While we’re still a good three-weeks away from Apple’s rumored September 12 special event, the rumor mill has shown no signs of slowing down, as even newer reports and discoveries surrounding what Apple might have in store for consumers this fall continue trickling in..
Just the other day we received news that a total of six new Apple Watch models passed through ECC certification — a hallmark indicator that we can expect to see at least that many new Apple Watch Series 4 models at the event.
As we know from previous reports, Apple is also expected to announced three new iPhone models including 5.8- and 6.5-inch OLED equipped flagships, and a 6.1-inch ‘mid-range’ model boasting an advanced LCD display which will be sold for a very reasonable price in order to spur interest among cost-conscious consumers.
We also know pretty much everything there is to know about these handsets; their iPhone X-inspired designs, lack of hardware Home buttons, Face ID, edge-to-edge displays and upgraded internals including Apple’s beastly next-gen A12 CPU.
While we’re still not entirely sure what this year’s new iPhone models will be called, at least one report has come out saying they’ll be marketed as the iPhone 9, and iPhone 11, though the ‘iPhone 11 aspect of that rumor seems improbable.
Adding to the speculation, on Wednesday evening, iOS developer and frequent 9to5Mac contributor Guilherme Rambo posted to Twitter, pointing to a discovery he made in Apple’s latest Xcode 10 software, which references an unidentified “iPhone xx” device.
An interesting device appeared in Xcode 10's thinning options: "iPhone xx". Model identifier iPhone9,7. My guess is this will be the "low cost iPhone" (internally called LCP, model N84). Definitely not the marketing name tho. Thanks Max pic.twitter.com/URPXTNdk79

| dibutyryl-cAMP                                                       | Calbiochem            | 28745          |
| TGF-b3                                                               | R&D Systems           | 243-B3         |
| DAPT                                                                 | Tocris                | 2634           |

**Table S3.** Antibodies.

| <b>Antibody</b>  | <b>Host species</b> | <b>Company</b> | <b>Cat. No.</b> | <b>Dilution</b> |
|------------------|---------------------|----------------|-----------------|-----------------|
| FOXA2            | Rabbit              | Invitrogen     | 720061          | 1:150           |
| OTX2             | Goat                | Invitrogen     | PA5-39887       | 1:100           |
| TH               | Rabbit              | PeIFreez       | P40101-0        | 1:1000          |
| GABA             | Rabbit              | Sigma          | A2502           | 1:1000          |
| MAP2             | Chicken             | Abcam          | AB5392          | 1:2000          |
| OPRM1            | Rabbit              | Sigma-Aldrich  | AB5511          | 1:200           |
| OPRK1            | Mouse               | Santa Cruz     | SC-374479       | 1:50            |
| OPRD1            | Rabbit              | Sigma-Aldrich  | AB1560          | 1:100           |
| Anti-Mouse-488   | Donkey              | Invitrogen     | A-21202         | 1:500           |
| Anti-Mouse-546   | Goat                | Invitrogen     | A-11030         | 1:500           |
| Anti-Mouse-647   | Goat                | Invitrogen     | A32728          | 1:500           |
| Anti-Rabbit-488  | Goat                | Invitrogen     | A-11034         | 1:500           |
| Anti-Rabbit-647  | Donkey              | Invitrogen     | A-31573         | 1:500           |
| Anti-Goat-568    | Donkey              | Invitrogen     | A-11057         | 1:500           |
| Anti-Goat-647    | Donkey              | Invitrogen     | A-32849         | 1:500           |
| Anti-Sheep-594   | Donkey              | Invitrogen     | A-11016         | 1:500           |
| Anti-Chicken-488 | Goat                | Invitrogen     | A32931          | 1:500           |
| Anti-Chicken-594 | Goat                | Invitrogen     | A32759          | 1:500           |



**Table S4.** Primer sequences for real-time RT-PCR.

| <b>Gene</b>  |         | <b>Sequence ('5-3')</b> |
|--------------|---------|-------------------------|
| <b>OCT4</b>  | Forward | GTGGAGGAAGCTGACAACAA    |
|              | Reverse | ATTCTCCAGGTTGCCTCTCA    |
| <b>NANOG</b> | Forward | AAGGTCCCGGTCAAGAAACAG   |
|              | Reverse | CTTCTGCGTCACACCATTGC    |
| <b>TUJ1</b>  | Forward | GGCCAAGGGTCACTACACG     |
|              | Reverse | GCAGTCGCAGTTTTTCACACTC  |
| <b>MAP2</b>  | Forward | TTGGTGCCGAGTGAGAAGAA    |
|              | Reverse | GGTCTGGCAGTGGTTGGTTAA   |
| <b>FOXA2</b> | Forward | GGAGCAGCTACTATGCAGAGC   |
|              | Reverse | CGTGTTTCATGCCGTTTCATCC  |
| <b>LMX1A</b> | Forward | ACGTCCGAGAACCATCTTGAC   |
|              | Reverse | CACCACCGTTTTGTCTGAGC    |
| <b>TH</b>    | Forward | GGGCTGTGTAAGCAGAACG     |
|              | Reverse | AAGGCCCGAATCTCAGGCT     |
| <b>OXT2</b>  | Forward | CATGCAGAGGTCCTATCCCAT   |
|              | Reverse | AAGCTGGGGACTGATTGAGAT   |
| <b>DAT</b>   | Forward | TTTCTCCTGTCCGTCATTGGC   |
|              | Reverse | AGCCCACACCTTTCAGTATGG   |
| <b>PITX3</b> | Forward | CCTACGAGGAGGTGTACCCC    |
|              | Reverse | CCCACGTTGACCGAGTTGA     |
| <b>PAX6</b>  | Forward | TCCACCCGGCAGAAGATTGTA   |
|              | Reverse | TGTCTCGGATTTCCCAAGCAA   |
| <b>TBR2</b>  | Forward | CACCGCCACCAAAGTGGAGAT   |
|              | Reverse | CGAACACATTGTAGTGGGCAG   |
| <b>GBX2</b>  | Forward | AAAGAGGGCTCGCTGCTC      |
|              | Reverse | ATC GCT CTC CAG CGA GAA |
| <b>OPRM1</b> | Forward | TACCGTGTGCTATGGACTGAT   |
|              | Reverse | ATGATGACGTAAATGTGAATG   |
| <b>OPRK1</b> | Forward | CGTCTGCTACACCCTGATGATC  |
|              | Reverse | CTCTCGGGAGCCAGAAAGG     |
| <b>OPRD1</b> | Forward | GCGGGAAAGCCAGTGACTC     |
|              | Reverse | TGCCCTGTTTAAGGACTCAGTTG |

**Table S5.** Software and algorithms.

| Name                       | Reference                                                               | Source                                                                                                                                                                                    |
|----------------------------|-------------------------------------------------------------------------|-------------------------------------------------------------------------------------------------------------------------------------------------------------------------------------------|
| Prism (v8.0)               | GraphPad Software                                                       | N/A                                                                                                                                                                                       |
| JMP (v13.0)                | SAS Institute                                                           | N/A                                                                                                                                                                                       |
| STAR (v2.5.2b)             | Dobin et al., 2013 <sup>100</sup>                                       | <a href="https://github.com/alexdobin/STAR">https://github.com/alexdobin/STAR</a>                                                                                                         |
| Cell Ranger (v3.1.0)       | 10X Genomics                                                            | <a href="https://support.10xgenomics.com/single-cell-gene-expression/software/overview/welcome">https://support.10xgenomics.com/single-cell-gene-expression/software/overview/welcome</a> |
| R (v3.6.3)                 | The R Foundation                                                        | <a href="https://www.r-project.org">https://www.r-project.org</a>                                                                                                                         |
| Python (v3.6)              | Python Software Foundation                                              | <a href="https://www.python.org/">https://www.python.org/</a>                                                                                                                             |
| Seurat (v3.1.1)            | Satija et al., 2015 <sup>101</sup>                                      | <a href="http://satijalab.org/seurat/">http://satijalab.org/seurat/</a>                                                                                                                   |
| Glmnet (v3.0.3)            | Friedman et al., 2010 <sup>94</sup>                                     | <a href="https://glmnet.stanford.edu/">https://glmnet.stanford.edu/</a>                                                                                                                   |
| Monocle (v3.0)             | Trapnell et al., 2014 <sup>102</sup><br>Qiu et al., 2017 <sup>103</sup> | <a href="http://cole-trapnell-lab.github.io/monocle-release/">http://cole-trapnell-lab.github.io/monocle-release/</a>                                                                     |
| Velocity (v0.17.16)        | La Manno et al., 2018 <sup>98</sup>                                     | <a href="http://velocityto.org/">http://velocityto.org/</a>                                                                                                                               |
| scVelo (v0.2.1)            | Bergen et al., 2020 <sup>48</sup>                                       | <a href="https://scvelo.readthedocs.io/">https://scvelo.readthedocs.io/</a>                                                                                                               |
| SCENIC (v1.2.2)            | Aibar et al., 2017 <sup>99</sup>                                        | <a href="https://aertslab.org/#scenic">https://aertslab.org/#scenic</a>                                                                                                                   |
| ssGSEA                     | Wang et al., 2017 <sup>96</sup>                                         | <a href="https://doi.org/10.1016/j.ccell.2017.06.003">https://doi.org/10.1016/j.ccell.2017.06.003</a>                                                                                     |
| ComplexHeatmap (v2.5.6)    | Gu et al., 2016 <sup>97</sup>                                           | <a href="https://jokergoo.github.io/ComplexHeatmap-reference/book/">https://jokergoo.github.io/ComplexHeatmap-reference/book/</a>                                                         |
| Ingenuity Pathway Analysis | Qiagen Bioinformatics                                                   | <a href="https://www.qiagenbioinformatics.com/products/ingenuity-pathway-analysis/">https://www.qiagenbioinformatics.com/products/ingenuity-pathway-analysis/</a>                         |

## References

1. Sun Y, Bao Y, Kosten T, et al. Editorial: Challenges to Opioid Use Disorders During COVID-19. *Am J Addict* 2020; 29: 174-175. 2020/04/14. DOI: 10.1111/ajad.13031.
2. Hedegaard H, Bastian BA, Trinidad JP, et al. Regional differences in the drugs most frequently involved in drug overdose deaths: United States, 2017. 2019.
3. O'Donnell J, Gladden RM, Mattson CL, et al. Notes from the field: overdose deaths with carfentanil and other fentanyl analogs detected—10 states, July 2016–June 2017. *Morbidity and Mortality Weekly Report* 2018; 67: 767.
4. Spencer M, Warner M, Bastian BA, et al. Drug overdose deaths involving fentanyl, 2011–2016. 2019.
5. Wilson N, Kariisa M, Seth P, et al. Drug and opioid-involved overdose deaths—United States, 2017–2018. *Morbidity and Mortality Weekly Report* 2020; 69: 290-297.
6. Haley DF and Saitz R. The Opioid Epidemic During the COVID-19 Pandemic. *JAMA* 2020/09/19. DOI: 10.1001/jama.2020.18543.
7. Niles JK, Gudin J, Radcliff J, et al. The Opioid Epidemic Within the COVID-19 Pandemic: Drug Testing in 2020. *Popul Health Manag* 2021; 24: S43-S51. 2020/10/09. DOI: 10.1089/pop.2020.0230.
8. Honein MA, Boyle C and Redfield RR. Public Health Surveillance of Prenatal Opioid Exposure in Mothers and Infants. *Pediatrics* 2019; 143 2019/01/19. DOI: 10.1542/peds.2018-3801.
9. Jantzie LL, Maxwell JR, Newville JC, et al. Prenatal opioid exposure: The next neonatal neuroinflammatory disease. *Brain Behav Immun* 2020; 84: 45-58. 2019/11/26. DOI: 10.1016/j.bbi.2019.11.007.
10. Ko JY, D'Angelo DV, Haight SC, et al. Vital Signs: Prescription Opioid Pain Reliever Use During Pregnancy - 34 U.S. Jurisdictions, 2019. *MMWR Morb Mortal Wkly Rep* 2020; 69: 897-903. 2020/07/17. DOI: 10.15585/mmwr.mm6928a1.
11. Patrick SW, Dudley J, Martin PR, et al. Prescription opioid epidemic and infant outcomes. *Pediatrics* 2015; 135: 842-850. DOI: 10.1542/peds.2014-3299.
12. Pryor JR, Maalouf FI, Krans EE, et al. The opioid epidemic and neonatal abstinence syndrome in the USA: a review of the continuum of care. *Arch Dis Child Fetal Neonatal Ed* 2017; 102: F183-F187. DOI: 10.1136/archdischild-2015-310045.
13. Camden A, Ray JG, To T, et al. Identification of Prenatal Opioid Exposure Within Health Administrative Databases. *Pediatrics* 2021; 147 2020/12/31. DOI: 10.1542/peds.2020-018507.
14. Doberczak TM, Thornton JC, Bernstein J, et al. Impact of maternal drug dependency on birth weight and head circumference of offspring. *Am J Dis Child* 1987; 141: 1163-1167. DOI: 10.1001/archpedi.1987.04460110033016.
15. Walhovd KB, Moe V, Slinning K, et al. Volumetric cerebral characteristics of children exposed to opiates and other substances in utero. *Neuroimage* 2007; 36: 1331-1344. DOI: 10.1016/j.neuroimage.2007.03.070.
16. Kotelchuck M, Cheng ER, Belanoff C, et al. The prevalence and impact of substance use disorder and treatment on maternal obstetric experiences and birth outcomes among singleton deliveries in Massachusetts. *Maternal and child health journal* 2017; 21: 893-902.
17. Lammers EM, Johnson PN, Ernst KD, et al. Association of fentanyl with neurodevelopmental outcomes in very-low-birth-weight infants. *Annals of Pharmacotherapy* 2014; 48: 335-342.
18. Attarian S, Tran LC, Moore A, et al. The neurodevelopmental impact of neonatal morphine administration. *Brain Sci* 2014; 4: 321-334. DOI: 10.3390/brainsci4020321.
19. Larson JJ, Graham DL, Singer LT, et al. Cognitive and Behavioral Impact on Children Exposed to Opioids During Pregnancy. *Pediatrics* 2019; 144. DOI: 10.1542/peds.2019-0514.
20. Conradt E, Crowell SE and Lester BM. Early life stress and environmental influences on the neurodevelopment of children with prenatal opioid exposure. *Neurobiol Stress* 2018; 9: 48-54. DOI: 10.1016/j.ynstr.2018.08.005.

— Guilherme Rambo (@_inside) August 22, 2018
Its highly unlikely Apple would market and try to sell a device under the ‘iPhone xx’ brand — and it’s just as unlikely that the “xx” corresponds to any other name, for example, ‘iPhone 20’ or ‘iPhone Double X’.
Rambo — who’s track record discovering future Apple products and plans hidden within current software code is historically spot-on — asserts the “iPhone xx” identifier appeared in the drop-down list of modern iPhone models pictured in his Tweet.
Interestingly, as you can see the devices are referenced in alphabetical order, and not in order of generation (for example, iPhone SE appears after iPhone 8) — and so the list clearly doesn’t reflect an ordering of models in terms of their performance or generation-specific capabilities.
Additional details unearthed in Xcode 10 and shared by Rambo include revelations that the CPU associated with “iPhone xx” is Apple’s A10 Fusion. Notably, that would be the same two-year-old chip found in the company’s iPhone 7 and iPhone 7 Plus.
As we mentioned, Apple is expected to unveil three new iPhones next month — a 5.8-inch OLED model, 6.5-inch OLED model, and a mid-range 6.1-inch LCD model. And while at least the premium, OLED-equipped iPhones will feature Apple’s new A12 CPU, it’s still ridiculous to even think the company would stuff a two-year old chip into its brand-new 6.1-inch iPhone — even though it’s clear they’re trying to keep building costs down.
The “iPhone xx” reference certainly stands out from the pack, but as Rambo himself noted, the most likely scenario is that the placeholder is referring to Apple’s “low cost iPhone” (which has internally dubbed “LCP, model N84”, according to his findings.
Of course, the double-X reference could always be associated not with a forthcoming flagship iPhone, but with an internal testing unit, which could explain the discovery of an A10 CPU.
Another theory Rambo presents is that “xx” could be referencing a “cheaper-to-build iPhone 7” model, although that theory doesn’t really hold valid as we’re just three weeks away from seeing three completely brand-new iPhone models flaunted on stage.
Stay tuned for further updates and be sure to check back with us on the morning of September 12 for live coverage of Apple’s fall event.